Probabilistic ideas are not new in music. At some point it became fashionable to compose musical dice games, the one supposedly by Mozart being probably the best known. In the twentieth century, composers like John Cage and Iannis Xenakis systematically used random elements in their compositions.

Possible methods include:

[i] By throwing a die once and two dice 11 times, twelve numbers representing pitches in the 12-tone scale can be obtained and assigned in order in a serial manner (or one can keep throwing, if all twelve chromatic pitches are required without repetition). Similarly, one or two dice could be used to make decisions relating to bar-length structures or other components.

[ii] A variant of a dice game could be used to write a collective piece, say a blues, among five people (though the entire procedure could also be carried out by one composer). Suppose, for example, that a standard twelve bar harmonic progression for the blues is chosen in G:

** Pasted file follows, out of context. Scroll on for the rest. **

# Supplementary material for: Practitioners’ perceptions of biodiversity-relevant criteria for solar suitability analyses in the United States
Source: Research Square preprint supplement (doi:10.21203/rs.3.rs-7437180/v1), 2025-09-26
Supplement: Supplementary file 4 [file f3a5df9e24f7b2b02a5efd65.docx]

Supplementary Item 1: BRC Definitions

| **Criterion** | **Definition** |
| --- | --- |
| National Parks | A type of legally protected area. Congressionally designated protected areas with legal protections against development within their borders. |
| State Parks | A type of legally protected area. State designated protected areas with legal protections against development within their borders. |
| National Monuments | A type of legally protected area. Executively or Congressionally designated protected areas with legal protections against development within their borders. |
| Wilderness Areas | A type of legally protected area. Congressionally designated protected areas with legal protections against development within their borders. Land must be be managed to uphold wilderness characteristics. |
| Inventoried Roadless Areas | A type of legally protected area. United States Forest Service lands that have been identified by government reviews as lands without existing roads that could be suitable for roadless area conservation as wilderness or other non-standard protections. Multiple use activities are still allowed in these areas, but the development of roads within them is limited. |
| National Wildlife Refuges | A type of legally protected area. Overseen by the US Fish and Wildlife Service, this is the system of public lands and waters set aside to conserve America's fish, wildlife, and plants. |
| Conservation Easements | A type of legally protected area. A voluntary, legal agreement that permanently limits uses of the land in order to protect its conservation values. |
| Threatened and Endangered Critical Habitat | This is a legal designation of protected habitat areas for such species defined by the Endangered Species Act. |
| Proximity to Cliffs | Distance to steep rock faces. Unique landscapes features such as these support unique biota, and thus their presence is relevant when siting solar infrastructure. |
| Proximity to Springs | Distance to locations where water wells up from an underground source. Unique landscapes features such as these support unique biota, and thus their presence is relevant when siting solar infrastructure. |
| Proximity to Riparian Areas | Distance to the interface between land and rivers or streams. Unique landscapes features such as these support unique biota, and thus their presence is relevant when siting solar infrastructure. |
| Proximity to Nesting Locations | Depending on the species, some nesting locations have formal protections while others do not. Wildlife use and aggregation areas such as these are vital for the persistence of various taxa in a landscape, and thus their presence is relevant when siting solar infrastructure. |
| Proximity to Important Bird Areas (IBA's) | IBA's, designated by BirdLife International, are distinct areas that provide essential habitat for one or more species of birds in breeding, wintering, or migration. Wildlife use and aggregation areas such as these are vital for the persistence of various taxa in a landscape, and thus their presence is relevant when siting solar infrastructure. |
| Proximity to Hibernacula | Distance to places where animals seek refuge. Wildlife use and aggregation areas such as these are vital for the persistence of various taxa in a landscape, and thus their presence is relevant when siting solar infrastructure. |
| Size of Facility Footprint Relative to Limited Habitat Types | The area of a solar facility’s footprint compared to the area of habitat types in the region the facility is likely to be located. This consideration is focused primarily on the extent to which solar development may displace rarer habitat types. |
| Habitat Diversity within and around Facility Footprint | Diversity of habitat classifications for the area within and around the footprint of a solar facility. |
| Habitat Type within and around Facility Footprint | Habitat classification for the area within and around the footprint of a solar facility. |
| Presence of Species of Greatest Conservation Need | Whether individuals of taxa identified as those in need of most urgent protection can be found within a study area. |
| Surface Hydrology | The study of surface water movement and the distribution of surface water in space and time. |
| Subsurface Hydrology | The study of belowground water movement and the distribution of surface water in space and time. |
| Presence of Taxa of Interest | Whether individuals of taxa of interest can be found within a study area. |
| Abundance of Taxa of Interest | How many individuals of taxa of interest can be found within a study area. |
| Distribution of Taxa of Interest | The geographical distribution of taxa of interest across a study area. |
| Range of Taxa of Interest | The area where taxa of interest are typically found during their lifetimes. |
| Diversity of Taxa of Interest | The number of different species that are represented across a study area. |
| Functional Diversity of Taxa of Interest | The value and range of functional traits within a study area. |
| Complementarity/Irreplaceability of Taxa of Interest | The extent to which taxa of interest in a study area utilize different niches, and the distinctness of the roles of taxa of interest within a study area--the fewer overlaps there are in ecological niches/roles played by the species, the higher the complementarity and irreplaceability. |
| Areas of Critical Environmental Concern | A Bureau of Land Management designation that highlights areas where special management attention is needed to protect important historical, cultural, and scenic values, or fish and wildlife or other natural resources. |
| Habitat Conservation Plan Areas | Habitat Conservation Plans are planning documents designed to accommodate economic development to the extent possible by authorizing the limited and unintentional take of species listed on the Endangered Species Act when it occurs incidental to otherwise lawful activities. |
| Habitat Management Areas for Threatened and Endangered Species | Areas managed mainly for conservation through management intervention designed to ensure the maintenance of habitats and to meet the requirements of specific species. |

Each composer writes their own twelve bar blues and then all the scores are cut measure by measure, collecting together the first measures of each of the five composers, then all the second measures, and so on. The resulting twelve piles, each one with five possibilities for every measure, are shuffled. Finally a single measure is chosen from each pile, and assembled in order into a complete twelve bar blues progression.

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